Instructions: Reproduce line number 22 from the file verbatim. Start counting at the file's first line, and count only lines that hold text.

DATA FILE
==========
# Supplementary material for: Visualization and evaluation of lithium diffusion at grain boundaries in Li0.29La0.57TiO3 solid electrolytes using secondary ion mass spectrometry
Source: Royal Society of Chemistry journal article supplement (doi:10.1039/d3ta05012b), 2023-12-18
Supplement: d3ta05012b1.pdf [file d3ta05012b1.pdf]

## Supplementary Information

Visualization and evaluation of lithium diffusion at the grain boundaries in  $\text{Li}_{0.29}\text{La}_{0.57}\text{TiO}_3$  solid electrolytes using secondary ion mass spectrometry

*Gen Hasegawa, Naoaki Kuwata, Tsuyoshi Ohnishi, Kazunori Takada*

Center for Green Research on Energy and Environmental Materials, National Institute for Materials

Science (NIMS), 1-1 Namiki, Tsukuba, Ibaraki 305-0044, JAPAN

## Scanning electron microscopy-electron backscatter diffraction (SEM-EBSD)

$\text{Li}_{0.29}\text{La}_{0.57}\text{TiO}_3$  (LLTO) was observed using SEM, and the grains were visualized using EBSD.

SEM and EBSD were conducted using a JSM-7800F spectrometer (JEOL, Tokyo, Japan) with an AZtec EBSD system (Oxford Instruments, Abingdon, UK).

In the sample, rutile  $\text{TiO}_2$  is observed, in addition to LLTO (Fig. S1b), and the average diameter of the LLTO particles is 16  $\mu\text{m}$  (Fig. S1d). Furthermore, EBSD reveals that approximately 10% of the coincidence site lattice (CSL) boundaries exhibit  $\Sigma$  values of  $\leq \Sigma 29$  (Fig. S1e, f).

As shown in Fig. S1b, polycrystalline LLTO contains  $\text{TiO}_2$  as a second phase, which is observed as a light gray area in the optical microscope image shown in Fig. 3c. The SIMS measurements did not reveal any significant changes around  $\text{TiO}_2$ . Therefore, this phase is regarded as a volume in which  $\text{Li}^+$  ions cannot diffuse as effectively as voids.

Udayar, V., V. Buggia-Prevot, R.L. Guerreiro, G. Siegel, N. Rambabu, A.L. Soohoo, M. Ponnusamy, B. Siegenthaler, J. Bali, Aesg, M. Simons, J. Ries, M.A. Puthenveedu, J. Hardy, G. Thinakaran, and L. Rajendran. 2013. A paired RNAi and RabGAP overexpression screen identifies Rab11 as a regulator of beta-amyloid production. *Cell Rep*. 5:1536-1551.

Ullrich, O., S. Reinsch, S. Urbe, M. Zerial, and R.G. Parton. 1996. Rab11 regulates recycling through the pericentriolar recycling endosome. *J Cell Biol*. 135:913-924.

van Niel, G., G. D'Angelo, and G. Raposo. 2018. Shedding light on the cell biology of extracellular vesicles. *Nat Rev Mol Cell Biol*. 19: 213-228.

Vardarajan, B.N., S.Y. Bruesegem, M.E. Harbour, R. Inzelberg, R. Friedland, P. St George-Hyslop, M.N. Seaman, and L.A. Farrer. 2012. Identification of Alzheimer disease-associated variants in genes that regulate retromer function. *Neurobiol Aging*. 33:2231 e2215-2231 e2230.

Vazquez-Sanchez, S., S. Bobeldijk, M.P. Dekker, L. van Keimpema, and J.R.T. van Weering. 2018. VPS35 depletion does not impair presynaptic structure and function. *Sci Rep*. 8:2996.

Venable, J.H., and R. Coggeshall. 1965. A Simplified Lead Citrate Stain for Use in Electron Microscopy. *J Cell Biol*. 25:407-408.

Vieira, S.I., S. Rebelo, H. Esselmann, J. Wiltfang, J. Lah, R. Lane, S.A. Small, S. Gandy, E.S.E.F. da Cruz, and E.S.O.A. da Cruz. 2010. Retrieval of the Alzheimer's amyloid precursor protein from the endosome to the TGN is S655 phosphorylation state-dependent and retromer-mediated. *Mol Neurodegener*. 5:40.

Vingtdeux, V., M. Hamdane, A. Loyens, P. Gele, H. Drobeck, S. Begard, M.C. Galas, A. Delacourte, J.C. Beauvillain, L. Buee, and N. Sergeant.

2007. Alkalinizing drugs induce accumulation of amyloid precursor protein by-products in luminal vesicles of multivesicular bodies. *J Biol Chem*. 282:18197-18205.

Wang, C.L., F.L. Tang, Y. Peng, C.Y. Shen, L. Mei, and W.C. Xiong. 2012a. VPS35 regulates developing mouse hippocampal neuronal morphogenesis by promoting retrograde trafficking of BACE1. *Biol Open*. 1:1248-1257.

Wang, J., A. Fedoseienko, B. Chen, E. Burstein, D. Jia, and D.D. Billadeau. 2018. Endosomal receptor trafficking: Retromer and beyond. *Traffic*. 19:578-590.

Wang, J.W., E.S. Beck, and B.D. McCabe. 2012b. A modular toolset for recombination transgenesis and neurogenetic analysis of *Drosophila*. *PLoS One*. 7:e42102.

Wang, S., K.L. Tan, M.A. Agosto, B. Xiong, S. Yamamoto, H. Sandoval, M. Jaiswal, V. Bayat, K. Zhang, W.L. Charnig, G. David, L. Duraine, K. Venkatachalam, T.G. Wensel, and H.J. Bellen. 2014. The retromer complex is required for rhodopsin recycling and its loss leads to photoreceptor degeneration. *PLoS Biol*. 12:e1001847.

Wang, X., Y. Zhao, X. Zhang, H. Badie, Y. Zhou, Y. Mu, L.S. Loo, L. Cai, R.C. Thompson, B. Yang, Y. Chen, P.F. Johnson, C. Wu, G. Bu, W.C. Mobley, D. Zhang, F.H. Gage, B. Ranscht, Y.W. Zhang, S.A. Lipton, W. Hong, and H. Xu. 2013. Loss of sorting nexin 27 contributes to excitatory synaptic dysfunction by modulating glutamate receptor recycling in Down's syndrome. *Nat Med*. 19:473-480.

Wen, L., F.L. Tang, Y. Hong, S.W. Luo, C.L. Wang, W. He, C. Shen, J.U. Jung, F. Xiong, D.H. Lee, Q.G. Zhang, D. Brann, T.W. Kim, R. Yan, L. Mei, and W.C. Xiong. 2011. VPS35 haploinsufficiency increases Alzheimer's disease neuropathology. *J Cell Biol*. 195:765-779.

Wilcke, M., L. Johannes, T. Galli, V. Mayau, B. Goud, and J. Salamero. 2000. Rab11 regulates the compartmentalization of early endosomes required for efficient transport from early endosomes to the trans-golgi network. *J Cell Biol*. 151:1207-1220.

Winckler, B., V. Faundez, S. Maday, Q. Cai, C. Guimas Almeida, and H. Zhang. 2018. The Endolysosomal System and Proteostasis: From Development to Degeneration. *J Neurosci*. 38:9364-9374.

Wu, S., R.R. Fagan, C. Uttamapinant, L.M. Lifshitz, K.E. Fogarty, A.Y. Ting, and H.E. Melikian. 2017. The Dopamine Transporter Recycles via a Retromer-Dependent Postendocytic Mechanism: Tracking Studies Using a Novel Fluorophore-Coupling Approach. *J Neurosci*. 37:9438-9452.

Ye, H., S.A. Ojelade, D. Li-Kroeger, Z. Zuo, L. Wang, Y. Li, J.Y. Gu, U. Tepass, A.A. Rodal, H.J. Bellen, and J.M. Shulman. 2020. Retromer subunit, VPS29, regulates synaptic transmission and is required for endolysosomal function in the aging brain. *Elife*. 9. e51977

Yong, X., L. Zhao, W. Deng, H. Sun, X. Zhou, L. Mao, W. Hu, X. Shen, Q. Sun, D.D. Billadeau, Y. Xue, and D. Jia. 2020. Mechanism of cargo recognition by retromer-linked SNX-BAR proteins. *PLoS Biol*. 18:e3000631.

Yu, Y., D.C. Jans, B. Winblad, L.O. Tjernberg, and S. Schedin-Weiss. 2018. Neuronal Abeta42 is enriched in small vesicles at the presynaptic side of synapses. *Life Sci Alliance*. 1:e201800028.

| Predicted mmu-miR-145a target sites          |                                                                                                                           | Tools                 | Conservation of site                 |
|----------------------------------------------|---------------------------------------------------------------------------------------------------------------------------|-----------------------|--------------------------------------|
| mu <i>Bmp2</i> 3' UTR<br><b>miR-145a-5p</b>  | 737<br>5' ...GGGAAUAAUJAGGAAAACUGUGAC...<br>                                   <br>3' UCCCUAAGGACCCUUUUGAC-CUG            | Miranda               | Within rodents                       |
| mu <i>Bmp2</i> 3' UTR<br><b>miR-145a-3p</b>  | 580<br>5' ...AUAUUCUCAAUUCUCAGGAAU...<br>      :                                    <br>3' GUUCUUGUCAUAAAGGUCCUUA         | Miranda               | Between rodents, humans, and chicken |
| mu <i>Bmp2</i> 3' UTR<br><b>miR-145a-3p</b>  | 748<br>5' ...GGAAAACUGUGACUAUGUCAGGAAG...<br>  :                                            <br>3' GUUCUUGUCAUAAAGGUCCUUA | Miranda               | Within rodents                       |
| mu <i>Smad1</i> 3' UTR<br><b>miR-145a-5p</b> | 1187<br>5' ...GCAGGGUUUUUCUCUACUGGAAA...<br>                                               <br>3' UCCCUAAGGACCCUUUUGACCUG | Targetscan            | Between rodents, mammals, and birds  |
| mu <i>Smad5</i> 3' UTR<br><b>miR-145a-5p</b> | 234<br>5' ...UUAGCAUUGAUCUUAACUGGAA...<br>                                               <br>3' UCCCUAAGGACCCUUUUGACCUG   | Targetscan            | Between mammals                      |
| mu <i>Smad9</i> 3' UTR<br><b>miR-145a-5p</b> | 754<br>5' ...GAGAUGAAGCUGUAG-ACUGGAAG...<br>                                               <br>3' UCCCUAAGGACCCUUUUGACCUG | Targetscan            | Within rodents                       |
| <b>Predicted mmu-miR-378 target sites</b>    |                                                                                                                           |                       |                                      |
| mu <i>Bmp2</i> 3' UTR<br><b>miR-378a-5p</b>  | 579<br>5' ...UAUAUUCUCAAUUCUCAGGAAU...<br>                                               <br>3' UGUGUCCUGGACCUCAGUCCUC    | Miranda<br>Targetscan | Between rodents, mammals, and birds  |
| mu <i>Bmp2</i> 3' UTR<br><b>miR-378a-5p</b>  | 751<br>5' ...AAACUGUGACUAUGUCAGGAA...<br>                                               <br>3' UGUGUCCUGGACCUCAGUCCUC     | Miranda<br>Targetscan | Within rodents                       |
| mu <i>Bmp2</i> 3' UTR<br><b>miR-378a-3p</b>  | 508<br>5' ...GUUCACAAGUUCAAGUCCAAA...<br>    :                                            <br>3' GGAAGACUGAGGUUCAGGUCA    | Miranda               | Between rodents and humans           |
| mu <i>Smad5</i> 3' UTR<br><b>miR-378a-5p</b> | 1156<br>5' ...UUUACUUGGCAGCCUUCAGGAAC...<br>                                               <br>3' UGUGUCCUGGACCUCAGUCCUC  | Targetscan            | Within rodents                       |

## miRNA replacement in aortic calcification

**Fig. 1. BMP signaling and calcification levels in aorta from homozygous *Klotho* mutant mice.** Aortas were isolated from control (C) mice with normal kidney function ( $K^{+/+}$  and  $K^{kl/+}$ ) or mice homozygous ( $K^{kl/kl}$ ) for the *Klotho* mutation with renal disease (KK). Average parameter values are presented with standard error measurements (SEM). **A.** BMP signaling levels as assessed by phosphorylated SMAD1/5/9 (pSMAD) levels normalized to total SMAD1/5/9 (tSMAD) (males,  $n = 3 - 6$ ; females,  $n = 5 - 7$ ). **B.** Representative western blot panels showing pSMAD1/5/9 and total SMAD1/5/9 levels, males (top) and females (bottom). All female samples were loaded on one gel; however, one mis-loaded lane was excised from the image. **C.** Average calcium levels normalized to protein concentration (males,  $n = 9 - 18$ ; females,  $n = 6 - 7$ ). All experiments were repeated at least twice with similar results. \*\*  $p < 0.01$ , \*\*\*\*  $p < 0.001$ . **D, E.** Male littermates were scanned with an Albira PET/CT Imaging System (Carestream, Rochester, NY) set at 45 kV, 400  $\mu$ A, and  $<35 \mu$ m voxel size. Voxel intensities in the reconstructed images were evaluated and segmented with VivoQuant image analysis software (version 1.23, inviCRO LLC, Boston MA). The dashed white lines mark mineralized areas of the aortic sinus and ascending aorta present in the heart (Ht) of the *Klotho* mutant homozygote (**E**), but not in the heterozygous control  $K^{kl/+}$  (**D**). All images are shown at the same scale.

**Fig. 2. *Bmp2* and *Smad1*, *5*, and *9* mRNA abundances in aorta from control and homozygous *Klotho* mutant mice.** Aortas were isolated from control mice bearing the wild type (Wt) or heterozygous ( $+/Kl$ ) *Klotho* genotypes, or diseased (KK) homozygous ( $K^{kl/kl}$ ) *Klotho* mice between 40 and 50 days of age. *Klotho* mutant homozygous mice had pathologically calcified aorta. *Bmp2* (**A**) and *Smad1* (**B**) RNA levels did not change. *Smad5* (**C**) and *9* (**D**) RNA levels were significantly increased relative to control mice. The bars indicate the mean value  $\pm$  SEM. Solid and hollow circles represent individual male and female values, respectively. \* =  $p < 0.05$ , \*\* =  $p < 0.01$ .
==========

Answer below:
2007. Alkalinizing drugs induce accumulation of amyloid precursor protein by-products in luminal vesicles of multivesicular bodies. *J Biol Chem*. 282:18197-18205.